At this point in the COVID-19 pandemic, slowing the dangerous virus’s spread in the United States requires a two-pronged approach: altering behaviors through practices such as social distancing and sheltering in place, and widespread testing. Unfortunately, the second prong has been lacking, largely because of bureaucratic red tape and the failures of government agencies.
Although more than 1 million Americans have been tested, the ramp-up was anything but smooth. Despite early warnings about the need to produce fast, easy-to-use tests, our testing program was plagued with confusion and delay. As a result, we simply don’t know with any certainty who has been infected or where the virus is spreading.
Contrast South Korea. The first cases of COVID-19 were detected there on Jan. 20 ― the same day as in the U.S. ― but the testing response was vastly different. South Korean leaders moved to streamline approval for diagnostic tests, get private medical companies involved and launch drive-by test centers. Such rapid-fire innovations helped South Korea flatten its curve.
Why the difference in the U.S.? It is at least partially because of what critics call the “regulatory state” ― the massive bureaucracy that infects nearly every facet of American life. Even in ordinary times, the regulatory state places enormous expense and burden on everyday citizens. That’s bad enough. But more fundamentally, our elected representatives have allowed it to accumulate power from all three branches of government ― legislative, executive and judicial ― in violation of the separation of powers embodied in the Constitution.
In other words, the regulatory state has been given the power to create binding rules, enforce its own rules, and punish anyone it deems to have violated the rules. The more this unofficial “fourth branch” of government grows in size and strength, the more it restricts the nation’s ability to properly respond in a time of crisis. The consequence is that American doctors, entrepreneurs and medical supply businesses are frequently forced to act only by permission of government officials, rather than by using their own judgment.
Among the agencies that make up the regulatory state is the Centers for Disease Control and Prevention (CDC), which claimed exclusive control over the initial round of COVID-19 laboratory tests. But the CDC’s tests were not shipped until more than a month after we learned of the outbreak. And even then, the tests proved unreliable, a setback that put U.S. testing on hold during a critical window for containing the virus. The regulatory state made it illegal for private labs, or even local public agencies, to jump into action with their own solutions.
For weeks, the CDC also insisted on restricting tests to those who had recently traveled to coronavirus hot spots or had personal contact with an infected person. According to the CDC’s website, until the end of February, the U.S. was only testing about 100 samples per day; at the same time, South Korea was testing about 10,000 per day. These missteps left us in the dark about the true scope of the problem.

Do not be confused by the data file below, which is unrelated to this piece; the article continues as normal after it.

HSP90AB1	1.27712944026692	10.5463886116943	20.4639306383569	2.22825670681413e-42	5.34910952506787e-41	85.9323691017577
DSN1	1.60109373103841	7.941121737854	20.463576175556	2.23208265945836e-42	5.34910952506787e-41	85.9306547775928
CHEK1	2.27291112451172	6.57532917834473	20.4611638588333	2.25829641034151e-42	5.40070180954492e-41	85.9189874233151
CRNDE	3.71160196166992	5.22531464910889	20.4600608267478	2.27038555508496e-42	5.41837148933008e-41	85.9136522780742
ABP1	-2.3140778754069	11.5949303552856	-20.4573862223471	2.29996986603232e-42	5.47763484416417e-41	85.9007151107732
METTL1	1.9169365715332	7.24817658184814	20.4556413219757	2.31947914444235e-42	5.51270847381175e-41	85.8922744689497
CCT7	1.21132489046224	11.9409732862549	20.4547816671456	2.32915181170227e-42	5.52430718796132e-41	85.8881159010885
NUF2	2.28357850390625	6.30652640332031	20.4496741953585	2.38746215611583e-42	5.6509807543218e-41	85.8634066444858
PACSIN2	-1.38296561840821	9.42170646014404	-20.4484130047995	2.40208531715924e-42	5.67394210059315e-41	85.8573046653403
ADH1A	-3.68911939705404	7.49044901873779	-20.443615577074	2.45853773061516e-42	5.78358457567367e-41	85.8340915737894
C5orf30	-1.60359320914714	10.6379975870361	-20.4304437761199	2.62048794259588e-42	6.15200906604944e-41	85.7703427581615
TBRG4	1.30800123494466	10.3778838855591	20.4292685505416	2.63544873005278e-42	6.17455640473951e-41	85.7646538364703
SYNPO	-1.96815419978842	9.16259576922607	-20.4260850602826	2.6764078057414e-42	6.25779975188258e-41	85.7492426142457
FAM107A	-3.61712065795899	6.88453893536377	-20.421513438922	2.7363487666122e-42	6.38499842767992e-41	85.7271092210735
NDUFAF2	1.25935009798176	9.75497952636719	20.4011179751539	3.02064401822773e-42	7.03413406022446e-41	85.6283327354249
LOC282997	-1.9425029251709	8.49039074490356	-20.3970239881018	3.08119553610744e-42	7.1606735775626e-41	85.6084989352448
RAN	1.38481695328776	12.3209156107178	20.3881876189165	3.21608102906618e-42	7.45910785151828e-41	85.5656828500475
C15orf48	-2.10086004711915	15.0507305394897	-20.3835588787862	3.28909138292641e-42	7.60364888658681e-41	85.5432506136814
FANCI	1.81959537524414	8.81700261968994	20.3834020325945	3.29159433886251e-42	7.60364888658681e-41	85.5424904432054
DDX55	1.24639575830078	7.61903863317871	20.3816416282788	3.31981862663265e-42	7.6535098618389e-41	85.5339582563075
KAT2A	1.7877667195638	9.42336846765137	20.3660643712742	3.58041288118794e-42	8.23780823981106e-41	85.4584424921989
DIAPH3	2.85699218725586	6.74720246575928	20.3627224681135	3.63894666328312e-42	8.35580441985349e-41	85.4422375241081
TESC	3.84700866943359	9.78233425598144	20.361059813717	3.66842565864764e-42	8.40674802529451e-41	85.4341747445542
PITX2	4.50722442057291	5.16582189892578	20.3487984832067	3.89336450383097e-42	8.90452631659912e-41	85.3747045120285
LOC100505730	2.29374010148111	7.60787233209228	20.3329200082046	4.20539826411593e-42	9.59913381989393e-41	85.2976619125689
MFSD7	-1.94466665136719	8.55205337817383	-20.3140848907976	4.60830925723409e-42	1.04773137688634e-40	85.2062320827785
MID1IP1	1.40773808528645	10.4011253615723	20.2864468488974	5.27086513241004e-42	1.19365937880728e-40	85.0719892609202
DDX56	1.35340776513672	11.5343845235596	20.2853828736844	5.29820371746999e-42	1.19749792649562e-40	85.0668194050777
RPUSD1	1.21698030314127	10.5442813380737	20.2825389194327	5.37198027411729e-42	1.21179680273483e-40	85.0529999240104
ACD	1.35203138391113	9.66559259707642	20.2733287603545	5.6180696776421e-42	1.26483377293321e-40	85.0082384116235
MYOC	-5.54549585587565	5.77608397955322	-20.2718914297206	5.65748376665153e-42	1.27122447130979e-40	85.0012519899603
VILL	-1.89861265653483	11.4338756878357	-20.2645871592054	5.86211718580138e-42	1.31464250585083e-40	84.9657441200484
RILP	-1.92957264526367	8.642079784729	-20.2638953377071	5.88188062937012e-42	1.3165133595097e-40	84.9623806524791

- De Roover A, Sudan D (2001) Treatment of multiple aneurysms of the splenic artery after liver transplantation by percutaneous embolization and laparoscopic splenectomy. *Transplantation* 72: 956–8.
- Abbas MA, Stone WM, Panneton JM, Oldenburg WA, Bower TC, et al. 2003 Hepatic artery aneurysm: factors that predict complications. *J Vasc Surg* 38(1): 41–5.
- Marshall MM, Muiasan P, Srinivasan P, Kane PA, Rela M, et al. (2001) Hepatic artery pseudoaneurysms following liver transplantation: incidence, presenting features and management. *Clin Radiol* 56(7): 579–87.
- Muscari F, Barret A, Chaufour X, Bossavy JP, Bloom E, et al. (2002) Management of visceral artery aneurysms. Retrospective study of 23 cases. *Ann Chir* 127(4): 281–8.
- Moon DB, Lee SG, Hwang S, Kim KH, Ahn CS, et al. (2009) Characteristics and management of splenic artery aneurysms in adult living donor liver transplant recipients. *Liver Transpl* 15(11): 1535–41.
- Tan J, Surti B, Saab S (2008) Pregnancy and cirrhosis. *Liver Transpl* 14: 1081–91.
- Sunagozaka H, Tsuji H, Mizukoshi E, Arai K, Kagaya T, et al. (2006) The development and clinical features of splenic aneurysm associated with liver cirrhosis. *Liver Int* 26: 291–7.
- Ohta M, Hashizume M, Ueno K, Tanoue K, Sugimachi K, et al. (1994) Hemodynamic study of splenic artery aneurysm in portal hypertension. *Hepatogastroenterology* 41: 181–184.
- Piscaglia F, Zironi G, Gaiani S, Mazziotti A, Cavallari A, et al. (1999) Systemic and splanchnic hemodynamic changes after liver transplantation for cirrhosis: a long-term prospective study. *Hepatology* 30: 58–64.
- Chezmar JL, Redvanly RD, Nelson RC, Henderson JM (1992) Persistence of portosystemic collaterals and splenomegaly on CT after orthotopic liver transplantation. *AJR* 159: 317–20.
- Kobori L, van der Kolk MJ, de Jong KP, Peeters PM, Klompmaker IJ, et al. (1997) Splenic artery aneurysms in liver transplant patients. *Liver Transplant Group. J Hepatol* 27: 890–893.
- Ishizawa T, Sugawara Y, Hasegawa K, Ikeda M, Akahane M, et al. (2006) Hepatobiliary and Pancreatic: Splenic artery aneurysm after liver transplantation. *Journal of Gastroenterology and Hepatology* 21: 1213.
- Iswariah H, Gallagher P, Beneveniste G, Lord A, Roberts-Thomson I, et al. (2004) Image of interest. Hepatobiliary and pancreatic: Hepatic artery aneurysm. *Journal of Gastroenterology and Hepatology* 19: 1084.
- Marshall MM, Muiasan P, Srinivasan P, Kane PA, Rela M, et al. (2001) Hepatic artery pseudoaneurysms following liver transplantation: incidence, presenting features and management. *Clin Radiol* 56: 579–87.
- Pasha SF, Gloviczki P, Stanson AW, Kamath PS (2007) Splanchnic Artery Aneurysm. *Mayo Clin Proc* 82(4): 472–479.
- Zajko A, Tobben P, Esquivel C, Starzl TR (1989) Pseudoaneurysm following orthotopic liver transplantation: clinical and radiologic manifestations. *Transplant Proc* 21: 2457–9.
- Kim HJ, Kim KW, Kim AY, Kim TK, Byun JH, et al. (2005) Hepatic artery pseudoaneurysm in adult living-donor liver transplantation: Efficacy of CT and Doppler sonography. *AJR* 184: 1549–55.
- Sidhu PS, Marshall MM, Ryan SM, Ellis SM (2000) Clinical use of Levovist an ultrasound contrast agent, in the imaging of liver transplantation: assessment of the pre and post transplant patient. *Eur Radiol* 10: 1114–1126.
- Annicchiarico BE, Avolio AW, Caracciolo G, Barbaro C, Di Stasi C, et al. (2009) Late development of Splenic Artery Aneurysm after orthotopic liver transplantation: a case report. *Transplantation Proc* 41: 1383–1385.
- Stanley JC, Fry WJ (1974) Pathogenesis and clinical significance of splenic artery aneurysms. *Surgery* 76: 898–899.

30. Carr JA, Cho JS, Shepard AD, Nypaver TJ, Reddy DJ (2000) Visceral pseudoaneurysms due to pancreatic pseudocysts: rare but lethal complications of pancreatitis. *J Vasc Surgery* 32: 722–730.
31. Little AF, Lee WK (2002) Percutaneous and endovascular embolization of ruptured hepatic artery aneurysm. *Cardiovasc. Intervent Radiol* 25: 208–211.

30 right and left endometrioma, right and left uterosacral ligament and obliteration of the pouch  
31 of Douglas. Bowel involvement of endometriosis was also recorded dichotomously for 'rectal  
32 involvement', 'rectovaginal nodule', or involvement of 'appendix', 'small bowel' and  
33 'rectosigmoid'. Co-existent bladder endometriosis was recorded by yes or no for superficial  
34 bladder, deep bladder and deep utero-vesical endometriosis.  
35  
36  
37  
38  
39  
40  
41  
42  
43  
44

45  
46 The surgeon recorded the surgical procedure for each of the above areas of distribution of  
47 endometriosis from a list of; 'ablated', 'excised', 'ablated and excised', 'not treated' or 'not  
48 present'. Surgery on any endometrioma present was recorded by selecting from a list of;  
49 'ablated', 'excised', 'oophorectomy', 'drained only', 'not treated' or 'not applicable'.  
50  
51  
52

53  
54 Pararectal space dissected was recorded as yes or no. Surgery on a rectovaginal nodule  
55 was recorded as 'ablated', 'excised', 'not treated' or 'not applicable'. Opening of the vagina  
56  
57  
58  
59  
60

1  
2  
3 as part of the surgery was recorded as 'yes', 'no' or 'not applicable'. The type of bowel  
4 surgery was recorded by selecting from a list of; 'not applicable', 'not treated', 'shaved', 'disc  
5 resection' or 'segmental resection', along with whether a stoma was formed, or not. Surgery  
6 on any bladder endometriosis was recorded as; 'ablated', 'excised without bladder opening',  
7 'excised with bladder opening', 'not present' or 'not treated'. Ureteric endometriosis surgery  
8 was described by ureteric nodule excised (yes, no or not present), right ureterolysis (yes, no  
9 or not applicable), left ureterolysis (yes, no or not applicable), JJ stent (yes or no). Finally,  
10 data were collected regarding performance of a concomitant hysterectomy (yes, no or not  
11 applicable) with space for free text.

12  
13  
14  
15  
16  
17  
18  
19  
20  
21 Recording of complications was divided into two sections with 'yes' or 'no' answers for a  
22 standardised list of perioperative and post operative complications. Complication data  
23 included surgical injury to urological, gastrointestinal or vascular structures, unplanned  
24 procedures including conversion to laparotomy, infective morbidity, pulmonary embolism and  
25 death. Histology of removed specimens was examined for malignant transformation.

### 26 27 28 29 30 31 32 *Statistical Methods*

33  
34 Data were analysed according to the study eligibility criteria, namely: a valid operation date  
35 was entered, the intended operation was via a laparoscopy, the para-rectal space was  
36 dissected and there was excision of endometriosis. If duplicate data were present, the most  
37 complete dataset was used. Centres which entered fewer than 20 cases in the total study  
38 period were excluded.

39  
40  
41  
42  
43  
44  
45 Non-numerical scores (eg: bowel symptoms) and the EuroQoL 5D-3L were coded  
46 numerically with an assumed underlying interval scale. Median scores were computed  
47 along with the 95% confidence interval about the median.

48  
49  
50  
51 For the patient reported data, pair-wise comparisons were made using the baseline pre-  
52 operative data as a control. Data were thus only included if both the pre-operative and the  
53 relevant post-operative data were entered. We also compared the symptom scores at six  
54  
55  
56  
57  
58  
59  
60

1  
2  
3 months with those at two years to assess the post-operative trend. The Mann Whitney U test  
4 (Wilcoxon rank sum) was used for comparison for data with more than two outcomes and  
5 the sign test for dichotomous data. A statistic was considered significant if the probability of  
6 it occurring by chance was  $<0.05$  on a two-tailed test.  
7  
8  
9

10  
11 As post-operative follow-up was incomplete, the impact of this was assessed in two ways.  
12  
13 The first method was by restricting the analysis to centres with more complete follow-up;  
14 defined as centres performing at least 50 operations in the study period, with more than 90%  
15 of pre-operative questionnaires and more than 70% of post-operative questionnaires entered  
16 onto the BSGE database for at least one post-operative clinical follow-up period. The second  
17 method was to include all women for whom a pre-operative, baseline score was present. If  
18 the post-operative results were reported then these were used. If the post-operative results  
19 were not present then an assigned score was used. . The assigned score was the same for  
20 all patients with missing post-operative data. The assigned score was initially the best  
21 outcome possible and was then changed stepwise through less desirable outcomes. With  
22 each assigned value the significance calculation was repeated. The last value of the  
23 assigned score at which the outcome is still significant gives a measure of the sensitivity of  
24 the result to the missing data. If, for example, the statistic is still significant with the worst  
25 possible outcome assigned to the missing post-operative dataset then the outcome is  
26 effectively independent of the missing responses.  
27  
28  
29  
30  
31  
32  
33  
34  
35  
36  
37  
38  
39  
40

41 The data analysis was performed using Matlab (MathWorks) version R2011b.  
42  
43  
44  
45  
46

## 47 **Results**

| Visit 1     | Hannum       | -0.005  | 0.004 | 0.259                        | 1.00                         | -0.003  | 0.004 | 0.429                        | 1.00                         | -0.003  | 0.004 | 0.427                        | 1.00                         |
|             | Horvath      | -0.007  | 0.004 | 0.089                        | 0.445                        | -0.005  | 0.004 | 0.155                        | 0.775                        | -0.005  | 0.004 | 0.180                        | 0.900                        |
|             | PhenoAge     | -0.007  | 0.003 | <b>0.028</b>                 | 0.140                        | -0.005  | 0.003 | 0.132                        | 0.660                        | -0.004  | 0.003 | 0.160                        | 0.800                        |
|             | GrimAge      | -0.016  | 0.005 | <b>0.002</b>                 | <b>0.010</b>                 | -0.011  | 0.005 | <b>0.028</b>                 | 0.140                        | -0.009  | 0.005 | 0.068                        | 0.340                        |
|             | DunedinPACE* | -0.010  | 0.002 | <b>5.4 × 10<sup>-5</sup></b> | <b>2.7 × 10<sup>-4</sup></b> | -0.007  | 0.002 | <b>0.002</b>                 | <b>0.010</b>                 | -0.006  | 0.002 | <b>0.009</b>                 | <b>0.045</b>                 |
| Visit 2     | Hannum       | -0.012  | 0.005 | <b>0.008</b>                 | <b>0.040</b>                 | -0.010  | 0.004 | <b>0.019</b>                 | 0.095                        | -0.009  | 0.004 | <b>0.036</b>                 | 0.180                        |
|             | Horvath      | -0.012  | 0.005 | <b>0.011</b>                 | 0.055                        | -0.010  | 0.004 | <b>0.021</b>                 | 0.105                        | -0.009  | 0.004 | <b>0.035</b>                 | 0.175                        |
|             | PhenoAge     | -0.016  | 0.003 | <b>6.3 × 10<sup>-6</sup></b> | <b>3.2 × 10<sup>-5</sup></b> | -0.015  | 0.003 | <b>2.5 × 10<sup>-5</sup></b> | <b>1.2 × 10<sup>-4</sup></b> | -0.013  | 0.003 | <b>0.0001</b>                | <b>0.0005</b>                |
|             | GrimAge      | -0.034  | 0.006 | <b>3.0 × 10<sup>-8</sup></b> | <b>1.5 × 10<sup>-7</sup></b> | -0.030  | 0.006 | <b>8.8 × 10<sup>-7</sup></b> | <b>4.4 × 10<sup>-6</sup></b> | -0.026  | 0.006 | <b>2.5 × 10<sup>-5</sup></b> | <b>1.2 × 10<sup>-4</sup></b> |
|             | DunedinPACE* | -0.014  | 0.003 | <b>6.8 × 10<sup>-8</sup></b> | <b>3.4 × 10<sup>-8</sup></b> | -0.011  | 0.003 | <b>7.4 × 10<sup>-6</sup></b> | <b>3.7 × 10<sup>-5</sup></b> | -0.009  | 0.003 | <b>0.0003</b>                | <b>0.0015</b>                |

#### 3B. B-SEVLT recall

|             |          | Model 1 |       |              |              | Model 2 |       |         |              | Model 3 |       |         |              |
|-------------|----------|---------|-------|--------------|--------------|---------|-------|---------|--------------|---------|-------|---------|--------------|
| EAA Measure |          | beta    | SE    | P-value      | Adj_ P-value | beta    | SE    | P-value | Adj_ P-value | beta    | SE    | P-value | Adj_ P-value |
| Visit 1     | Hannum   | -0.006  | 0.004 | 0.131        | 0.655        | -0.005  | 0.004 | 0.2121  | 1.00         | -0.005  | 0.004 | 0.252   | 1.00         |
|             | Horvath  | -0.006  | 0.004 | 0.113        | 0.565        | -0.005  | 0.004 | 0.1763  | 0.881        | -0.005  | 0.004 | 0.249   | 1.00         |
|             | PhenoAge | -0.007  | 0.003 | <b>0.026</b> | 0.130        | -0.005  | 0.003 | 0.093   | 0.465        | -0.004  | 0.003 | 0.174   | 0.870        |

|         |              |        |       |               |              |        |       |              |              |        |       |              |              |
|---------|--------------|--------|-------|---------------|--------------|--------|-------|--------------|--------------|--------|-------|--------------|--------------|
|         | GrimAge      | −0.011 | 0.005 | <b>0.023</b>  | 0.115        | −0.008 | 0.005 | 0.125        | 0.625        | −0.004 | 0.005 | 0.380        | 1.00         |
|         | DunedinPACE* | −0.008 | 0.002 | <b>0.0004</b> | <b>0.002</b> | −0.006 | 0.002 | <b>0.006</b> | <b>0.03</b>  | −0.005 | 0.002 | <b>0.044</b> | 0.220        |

The regulatory state also includes the sprawling U.S. Food and Drug Administration (FDA), which made the initial decision to prevent state, academic and commercial labs from developing COVID-19 diagnostic tests. Even once it opened the door to additional development, the FDA’s cumbersome mandatory approval process made things drag on for weeks. And on March 20, the FDA shut down efforts to make available at-home testing kits, claiming that without the regulators’ stamp of approval, such testing simply couldn’t be trusted.
Of course, federal agencies can help in a crisis by providing information and coordination. But bureaucratic restrictions that prevent top-notch research firms from fighting a worldwide pandemic make no sense.
A pandemic health crisis demands a nimble response, but regulatory agencies are anything but nimble. A faster, more robust testing regime could have freed doctors, entrepreneurs, and private medical services to do their jobs — thereby reducing the number of infected Americans. And it would give individuals and health care workers crucial information that they need during a crisis.
So what would a more effective regulatory system ― one that allows for that more nimble crisis response — look like? For starters, it should be focused on information transparency and coordination with states and the private sector, rather than on imposing top-down control. It should promptly relax regulatory requirements in a time of crisis, rather than continuing business-as-usual ― or worse, clamping down. And it should respect our constitutional framework, where government power is divided and where binding laws are enacted only by elected representatives, not unaccountable bureaucrats.
Eventually, this pandemic will end. Let’s hope it’s sooner rather than later, and with far less suffering and loss than the early projections suggest. When that happens, Washington must get serious about examining the chokeholds that kept the government from responding to COVID-19 as effectively as it might have. One can only hope that the bureaucracy’s slow-footed response to this crisis will lead us to rethink the size, growth and power of the regulatory state.
Glenn E. Roper is an attorney at Pacific Legal Foundation, which litigates nationwide to achieve court victories enforcing the Constitution’s guarantee of individual liberty.
This op-ed was originally published by The Hill on April 7, 2020.